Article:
For example, although the biblical book Isaiah appears to be about a single Isaiah, Krochmal recognized that the last twenty-seven chapters of the book of Isaiah was by a second prophet. He offers proof that the ancient rabbis knew the lateness of the second half of Isaiah. He states that “if we moderns can discern the lateness of the book we must then suspect that the rabbis were also aware of this fact.” The rabbis were certainly not unsophisticated Bible scholars. Krochmal also felt that the ancient sages knew that “a number of Psalms are products of the second century BCE, not compositions by King David.
He applied the same reasoning to the biblical book Qohelet, saying it is obvious that Solomon did not compose this book. “In implausibly attributing the book to Hezekiah, the rabbis were furtively indicating that they knew full well that Qohelet was not of Solomonic origin.” He wrote that the ancient Greek Jews called Qohelet “Ecclesiastes,” which means a member of the “assembly,” to indicate that the author was actually a member of the Great Assembly, and not Solomon.
Krochmal recognized the significant dispute between the rational Maimonides and the mystic Nachmanides. Maimonides argued that laws derived from hermeneutic principles but not explicit in the Torah are rabbinic. Nachmanides claimed that the talmudic rabbis considered them Torahitic. Krochmal agreed with Maimonides that the “historical” claims of the Talmud were never meant to be taken seriously as history. Maimonides and Nachmanides similarly differed regarding midrashim. Maimonides taught that any one accepting them as true facts is a fool. Nachmanides accepted them as true despite many of them being outrageous. Krochmal wrote: “It never dawned on the rabbis that such stories, taught for homiletical purposes, were to be accepted as true.”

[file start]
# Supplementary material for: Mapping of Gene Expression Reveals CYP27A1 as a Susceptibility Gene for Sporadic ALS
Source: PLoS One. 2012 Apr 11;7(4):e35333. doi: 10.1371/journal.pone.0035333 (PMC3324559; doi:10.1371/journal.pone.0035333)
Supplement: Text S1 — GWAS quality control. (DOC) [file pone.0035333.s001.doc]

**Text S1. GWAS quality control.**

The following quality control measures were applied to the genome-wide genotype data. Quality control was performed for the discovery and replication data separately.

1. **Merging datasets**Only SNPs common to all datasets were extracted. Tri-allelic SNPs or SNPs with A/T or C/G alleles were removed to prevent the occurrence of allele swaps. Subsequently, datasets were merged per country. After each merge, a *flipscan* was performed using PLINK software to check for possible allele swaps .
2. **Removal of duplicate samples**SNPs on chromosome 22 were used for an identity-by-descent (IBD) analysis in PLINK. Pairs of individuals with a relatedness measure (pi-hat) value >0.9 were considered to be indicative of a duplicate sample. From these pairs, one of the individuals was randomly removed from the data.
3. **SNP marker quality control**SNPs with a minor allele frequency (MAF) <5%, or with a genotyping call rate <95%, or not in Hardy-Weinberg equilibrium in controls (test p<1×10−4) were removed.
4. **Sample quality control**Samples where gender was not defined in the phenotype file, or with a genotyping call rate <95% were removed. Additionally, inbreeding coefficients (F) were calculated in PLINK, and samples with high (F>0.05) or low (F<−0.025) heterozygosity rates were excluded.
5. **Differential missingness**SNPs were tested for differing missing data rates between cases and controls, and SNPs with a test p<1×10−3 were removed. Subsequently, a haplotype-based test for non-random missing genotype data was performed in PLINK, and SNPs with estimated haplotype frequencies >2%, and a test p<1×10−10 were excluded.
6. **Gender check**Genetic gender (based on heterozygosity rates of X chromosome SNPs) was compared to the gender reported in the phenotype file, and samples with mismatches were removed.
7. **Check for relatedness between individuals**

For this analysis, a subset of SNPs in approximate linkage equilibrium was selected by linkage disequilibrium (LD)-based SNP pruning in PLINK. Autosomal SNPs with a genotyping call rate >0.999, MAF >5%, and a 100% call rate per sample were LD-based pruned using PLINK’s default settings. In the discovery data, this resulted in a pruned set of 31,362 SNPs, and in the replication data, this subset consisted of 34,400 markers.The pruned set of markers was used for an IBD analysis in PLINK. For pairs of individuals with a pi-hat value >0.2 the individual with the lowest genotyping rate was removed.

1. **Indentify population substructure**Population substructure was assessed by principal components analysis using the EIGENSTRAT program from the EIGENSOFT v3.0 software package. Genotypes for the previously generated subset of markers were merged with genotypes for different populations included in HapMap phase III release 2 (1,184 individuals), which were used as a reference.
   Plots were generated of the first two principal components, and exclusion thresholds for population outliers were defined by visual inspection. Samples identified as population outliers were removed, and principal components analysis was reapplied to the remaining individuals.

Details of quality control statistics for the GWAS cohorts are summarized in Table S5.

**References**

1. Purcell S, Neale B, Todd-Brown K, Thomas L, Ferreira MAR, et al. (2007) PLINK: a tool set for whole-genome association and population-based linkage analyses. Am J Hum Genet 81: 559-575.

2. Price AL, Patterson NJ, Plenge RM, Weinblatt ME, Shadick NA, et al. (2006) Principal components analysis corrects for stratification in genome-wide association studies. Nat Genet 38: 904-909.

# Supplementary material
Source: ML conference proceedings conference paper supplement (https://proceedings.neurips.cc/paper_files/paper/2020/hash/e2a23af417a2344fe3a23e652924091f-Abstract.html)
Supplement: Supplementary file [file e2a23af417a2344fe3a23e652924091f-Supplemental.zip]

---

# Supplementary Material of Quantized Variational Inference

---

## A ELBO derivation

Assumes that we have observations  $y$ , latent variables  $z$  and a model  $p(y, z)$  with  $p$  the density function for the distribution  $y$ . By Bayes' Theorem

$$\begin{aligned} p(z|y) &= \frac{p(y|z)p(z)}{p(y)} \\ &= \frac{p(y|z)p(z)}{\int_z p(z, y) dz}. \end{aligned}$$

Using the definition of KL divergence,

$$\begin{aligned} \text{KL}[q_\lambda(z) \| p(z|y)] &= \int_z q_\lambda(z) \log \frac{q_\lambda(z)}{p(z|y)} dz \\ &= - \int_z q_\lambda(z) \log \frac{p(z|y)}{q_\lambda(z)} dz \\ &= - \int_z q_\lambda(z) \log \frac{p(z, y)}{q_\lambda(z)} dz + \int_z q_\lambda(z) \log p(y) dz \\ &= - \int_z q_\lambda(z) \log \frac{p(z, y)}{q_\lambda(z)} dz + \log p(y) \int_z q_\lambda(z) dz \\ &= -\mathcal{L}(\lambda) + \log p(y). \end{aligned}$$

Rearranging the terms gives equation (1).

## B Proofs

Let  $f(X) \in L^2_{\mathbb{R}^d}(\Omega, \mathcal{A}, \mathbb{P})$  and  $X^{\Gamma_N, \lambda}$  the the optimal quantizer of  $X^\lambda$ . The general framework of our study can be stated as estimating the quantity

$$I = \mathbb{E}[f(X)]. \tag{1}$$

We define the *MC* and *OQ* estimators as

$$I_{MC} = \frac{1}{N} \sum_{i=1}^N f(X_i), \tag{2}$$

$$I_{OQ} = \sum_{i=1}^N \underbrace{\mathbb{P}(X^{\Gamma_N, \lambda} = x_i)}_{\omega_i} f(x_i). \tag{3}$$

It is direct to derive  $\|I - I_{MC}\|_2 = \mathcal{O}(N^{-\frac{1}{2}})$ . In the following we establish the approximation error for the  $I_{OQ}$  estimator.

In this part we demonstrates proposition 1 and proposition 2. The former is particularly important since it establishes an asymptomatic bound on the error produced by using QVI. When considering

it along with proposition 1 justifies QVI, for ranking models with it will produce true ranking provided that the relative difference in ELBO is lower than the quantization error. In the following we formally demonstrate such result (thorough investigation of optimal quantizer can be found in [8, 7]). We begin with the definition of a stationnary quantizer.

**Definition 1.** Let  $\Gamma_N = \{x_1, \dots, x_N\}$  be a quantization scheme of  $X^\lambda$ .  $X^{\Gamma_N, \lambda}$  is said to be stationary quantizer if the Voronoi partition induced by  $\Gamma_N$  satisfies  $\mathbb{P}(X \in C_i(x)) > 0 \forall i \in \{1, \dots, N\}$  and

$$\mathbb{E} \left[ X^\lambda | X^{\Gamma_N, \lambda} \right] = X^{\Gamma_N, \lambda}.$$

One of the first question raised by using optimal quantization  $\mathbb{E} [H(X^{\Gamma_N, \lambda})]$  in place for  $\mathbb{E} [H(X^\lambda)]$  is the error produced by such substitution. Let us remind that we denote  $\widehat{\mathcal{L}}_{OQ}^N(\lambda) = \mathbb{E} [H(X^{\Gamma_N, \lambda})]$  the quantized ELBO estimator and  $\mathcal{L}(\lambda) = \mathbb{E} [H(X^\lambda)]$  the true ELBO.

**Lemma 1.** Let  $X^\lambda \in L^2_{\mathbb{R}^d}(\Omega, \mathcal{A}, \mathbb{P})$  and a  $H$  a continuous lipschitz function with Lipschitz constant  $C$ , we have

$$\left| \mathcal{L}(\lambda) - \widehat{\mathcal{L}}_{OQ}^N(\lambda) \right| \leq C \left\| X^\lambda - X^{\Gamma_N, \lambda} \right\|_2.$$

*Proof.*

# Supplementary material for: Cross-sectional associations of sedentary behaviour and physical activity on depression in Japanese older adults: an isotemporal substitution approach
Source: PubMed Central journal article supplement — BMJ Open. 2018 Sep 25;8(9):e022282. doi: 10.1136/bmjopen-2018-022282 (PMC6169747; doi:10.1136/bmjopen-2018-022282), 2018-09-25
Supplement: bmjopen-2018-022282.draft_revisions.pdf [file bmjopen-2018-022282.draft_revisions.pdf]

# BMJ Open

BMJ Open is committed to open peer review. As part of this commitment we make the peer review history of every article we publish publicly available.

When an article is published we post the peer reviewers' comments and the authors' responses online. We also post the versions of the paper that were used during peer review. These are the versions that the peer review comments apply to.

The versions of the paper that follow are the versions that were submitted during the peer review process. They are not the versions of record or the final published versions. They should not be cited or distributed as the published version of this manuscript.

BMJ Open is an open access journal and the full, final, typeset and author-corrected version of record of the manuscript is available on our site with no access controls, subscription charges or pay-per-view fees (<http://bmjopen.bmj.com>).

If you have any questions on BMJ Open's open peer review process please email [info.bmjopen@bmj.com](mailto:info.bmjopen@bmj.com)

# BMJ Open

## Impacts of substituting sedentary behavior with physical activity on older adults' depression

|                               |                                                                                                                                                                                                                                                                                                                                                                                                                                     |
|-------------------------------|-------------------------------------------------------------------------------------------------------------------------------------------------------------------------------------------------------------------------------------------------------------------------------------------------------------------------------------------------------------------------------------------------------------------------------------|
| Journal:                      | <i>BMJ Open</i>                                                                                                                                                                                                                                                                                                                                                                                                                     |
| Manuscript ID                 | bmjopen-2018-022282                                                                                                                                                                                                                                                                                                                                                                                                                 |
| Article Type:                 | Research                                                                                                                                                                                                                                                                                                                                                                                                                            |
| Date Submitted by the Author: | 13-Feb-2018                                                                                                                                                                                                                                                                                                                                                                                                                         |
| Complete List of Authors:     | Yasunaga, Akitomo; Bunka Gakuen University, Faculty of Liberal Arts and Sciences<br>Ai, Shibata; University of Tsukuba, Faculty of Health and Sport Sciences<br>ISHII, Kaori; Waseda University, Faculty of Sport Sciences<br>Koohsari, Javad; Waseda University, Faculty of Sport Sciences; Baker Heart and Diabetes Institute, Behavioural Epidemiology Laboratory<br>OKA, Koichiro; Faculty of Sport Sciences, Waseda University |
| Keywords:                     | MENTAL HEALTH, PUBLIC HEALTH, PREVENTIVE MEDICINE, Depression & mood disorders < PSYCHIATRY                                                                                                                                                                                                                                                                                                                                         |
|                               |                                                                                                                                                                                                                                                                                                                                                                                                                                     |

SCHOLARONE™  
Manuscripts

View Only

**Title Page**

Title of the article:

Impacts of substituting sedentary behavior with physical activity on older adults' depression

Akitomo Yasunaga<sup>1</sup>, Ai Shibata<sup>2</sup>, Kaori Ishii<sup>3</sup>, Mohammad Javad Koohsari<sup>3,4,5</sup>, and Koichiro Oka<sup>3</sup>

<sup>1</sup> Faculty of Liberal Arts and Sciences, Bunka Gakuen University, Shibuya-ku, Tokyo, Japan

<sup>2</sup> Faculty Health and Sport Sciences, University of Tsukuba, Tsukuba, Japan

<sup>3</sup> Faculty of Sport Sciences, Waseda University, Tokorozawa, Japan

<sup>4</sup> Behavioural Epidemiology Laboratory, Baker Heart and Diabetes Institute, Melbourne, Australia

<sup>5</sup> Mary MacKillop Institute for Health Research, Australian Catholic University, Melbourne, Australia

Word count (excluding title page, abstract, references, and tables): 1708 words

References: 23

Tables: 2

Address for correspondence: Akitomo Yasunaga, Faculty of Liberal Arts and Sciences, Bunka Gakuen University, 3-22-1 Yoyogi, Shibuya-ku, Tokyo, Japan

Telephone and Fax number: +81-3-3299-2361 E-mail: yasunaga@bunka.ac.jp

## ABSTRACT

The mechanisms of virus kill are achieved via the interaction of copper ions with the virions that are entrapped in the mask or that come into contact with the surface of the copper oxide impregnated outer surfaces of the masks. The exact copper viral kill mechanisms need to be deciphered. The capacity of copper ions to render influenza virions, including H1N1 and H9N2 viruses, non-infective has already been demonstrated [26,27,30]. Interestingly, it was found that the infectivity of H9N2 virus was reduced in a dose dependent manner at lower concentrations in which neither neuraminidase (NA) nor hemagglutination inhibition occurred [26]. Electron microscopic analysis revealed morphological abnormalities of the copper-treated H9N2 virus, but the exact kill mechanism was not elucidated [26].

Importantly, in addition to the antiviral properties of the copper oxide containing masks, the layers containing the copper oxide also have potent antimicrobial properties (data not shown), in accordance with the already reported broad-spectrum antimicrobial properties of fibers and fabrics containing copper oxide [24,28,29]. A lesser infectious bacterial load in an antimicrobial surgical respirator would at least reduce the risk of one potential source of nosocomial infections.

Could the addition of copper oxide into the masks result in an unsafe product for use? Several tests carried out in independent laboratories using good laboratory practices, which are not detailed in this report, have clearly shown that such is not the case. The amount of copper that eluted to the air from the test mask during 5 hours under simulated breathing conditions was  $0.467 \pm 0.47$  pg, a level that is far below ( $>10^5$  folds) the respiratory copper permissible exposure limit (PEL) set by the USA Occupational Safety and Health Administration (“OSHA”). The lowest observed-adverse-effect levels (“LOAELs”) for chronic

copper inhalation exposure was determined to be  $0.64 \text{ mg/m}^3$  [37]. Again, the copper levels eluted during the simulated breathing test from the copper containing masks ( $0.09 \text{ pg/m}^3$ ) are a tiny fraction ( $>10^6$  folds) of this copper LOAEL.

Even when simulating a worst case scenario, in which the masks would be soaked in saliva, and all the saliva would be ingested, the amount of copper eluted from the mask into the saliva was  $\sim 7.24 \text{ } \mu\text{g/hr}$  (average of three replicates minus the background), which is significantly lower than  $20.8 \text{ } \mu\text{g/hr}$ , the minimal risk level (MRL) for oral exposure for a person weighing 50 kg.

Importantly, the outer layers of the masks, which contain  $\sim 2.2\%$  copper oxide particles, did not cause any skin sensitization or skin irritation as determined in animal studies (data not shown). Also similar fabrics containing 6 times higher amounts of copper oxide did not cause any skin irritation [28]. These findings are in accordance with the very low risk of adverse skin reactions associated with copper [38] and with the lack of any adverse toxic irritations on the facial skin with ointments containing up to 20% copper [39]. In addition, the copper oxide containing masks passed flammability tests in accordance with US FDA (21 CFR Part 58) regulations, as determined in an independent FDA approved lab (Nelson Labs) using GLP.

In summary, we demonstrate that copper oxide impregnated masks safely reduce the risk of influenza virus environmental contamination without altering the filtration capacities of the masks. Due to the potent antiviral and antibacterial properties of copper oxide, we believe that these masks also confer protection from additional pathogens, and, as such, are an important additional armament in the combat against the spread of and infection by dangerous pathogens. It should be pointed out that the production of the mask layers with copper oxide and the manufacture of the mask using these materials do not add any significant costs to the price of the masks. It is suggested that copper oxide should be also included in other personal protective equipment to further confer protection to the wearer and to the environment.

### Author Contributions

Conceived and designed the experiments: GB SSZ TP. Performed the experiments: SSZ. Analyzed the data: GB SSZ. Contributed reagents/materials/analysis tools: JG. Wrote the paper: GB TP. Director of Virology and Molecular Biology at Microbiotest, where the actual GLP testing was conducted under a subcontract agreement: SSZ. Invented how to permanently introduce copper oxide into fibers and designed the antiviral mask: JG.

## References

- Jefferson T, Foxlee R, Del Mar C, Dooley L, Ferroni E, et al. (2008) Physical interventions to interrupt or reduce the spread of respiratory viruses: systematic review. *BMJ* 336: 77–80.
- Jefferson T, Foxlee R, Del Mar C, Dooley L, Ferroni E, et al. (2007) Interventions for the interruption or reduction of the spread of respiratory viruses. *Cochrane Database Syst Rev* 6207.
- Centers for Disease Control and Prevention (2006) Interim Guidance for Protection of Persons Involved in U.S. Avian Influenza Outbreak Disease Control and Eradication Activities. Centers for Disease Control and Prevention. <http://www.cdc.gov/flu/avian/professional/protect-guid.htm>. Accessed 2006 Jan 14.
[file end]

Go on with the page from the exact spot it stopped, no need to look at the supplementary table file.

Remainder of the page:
He considered the laws contained in the Torah as outlines of the basic contours of the legal system, but “the halakhah must necessarily have undergone development, rooted in the needs and desires of a living community.” In essence, the Torah was fluid, to develop over time. Even many Torah words were changed.
Harris states that Krochmal “developed a historical form of hermeneutics in which traditional claims are always taken seriously, but not literally.” Yet, despite his open mind to many Jewish traditions, “None of this was to lead to an abandonment of traditional practice, but to a renewed intellectual – indeed, modern – commitment to it.”
 New York University Press, New York and London, 1991.
 Guide, pages 143-144.
 Guide, pages 40-41.
 Harris, page 128.
 Harris, page 135.
 Guide, page242.
 Harris, page 173.
 Harris, page 179-180.
 Harris, page 174. Harris adds “Now it is impossible that the words of Solomon (d. 920 BCE) could have survived all those generations in oral form until Hezekiah (late eighth century) finally wrote them down.”
 In Chelek.
 Guide, page 211.
 Harris, page 229.
 Such as the Tekunei Soferim, “the embellishments of the Soferim.”
 Harris, page 322.
 Harris, page 314.